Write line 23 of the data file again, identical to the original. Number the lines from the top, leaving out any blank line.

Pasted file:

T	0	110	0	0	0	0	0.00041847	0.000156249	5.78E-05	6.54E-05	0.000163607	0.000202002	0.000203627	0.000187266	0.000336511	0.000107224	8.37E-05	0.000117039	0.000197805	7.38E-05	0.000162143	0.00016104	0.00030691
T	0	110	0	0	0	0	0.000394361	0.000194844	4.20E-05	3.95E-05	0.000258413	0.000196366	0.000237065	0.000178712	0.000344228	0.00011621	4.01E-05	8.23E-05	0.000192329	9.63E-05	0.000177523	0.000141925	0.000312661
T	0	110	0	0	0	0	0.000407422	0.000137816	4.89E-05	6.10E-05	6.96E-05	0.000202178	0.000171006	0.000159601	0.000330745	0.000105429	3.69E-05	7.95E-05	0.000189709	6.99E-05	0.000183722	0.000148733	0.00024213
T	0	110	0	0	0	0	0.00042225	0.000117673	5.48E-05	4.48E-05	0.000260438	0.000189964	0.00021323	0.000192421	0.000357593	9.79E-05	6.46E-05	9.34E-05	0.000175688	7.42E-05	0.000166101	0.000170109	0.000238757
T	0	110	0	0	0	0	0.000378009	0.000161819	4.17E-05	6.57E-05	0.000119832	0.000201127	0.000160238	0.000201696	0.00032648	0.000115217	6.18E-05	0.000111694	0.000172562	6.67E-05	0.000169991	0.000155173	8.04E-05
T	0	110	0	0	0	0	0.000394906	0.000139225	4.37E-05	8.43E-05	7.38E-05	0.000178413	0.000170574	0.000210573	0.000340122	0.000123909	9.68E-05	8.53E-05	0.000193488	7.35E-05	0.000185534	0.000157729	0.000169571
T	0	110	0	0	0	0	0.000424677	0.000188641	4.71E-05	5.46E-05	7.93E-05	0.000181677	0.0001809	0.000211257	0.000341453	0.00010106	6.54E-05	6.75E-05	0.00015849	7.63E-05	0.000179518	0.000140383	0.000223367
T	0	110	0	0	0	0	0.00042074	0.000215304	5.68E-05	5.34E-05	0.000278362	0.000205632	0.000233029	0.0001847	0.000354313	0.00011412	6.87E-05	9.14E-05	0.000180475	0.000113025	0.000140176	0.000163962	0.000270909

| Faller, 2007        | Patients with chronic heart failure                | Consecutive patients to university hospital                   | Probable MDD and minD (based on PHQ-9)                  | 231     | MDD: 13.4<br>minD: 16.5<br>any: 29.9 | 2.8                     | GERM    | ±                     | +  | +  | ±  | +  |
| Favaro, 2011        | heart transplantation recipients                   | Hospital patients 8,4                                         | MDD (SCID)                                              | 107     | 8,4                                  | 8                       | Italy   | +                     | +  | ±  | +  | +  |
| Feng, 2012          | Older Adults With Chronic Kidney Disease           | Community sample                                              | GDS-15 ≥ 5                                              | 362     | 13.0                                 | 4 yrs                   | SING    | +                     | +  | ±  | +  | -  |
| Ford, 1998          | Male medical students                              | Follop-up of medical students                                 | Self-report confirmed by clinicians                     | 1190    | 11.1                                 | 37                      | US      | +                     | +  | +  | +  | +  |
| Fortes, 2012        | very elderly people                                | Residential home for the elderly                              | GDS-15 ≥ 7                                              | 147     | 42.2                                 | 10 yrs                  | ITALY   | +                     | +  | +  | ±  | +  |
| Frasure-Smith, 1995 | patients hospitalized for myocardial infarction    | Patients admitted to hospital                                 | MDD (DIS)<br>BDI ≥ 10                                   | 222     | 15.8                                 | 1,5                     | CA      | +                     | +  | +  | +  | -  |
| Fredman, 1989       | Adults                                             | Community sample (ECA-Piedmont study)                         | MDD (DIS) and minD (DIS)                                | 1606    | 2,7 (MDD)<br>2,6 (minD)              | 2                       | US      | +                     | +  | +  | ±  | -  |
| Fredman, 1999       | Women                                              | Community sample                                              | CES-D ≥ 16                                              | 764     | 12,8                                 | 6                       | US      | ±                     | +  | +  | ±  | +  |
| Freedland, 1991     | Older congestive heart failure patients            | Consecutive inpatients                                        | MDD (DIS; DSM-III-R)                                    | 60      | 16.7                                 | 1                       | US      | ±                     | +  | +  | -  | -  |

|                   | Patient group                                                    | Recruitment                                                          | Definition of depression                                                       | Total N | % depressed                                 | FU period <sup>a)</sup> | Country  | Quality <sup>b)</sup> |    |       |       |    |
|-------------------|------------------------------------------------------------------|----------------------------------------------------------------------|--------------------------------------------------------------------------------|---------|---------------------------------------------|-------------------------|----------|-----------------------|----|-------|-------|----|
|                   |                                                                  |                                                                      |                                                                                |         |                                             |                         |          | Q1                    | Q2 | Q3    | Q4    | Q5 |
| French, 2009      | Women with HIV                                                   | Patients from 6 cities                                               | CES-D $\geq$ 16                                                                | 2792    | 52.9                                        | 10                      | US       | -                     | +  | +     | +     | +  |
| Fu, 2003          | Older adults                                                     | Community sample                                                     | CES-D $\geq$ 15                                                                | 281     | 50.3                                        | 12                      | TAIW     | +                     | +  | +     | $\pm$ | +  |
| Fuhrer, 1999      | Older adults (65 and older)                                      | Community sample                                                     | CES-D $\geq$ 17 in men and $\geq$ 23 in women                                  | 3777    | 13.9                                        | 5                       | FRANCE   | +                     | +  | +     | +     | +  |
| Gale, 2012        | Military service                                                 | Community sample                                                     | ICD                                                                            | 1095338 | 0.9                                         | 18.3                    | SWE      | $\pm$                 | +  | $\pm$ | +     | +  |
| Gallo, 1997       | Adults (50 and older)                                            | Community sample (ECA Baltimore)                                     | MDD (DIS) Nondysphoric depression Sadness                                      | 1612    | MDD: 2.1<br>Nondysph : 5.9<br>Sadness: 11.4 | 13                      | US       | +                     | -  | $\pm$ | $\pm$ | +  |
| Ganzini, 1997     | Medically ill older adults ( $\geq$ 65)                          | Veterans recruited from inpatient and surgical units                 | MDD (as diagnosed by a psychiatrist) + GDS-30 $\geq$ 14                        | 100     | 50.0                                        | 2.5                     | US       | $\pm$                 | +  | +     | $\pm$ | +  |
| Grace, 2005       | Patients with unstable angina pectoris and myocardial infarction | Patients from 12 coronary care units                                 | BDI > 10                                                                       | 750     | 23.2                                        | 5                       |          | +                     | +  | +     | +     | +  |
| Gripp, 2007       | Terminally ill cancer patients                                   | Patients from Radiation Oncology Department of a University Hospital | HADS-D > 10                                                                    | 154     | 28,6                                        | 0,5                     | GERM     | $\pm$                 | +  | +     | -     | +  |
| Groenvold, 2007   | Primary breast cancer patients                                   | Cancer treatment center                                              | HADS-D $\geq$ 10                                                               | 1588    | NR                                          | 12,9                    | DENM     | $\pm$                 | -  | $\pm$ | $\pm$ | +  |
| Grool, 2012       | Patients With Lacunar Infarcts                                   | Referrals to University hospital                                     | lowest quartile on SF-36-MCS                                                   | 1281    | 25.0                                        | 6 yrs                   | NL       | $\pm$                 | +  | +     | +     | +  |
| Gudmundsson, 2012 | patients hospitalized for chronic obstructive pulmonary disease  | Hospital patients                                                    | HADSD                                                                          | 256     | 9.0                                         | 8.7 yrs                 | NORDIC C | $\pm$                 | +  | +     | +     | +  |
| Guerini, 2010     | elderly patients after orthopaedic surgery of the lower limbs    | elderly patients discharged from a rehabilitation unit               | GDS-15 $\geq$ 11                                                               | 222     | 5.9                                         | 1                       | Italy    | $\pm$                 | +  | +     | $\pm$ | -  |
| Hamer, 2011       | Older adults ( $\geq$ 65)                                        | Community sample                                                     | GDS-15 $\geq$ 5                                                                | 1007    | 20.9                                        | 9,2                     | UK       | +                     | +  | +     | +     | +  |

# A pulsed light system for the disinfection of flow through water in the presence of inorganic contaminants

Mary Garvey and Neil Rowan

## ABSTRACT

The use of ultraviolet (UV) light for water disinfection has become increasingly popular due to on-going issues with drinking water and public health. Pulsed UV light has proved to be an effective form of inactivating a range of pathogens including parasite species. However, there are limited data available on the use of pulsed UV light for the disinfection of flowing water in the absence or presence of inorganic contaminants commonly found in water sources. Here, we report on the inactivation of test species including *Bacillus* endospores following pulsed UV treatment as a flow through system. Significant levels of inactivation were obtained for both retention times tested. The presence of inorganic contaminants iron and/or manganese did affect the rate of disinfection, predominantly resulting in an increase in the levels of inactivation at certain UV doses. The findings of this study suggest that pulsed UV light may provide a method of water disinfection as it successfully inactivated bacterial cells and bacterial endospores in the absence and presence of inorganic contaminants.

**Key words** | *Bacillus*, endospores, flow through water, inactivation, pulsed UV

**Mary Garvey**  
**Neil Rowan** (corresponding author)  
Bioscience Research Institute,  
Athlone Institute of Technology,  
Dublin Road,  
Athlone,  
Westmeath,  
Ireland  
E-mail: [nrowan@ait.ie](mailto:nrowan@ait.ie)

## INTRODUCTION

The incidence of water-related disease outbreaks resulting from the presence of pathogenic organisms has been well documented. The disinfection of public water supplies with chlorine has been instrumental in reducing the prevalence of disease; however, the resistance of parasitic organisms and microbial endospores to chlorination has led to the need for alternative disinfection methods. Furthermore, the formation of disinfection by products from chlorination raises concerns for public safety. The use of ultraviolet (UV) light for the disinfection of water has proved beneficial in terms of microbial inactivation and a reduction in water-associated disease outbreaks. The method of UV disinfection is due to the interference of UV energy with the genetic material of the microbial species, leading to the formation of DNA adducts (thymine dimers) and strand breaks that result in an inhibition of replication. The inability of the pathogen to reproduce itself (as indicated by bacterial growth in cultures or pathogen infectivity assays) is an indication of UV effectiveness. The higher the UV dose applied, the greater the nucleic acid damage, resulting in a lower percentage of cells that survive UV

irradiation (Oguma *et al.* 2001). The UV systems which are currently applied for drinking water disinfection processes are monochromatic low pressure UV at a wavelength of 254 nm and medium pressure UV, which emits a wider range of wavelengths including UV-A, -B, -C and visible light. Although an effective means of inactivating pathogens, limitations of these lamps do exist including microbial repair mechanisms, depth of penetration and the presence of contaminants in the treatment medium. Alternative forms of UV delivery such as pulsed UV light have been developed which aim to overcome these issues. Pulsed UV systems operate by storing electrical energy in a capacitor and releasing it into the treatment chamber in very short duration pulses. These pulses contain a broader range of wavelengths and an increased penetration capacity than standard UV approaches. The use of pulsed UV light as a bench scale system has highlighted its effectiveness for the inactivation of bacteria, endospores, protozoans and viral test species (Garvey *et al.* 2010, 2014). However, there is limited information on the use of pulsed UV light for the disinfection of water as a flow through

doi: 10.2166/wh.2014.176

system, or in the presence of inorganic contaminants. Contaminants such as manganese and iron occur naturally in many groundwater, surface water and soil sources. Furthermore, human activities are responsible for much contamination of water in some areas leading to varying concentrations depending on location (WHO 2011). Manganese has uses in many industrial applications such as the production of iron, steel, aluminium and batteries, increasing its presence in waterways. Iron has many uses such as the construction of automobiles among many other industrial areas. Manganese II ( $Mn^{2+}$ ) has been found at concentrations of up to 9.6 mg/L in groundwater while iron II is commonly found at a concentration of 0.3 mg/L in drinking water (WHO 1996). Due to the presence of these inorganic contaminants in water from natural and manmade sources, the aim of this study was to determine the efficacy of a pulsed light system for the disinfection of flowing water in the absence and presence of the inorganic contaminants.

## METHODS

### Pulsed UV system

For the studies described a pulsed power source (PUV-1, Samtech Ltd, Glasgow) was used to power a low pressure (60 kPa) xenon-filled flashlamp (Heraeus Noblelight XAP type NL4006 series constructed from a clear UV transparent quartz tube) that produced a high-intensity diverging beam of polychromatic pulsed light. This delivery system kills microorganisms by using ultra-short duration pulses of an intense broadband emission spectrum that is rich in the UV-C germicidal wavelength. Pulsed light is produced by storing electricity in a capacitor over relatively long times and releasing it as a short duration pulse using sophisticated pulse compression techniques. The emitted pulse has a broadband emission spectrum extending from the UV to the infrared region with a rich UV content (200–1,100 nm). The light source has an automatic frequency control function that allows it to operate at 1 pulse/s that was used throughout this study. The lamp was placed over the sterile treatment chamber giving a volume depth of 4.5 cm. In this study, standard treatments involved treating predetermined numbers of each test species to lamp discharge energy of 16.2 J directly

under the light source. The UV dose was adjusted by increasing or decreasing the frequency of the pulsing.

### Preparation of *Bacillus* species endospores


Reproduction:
| Fuhrer, 1999      | Older adults (65 and older)                                      | Community sample                                                     | CES-D $\geq$ 17 in men and $\geq$ 23 in women                                  | 3777    | 13.9                                        | 5                       | FRANCE   | +                     | +  | +     | +     | +  |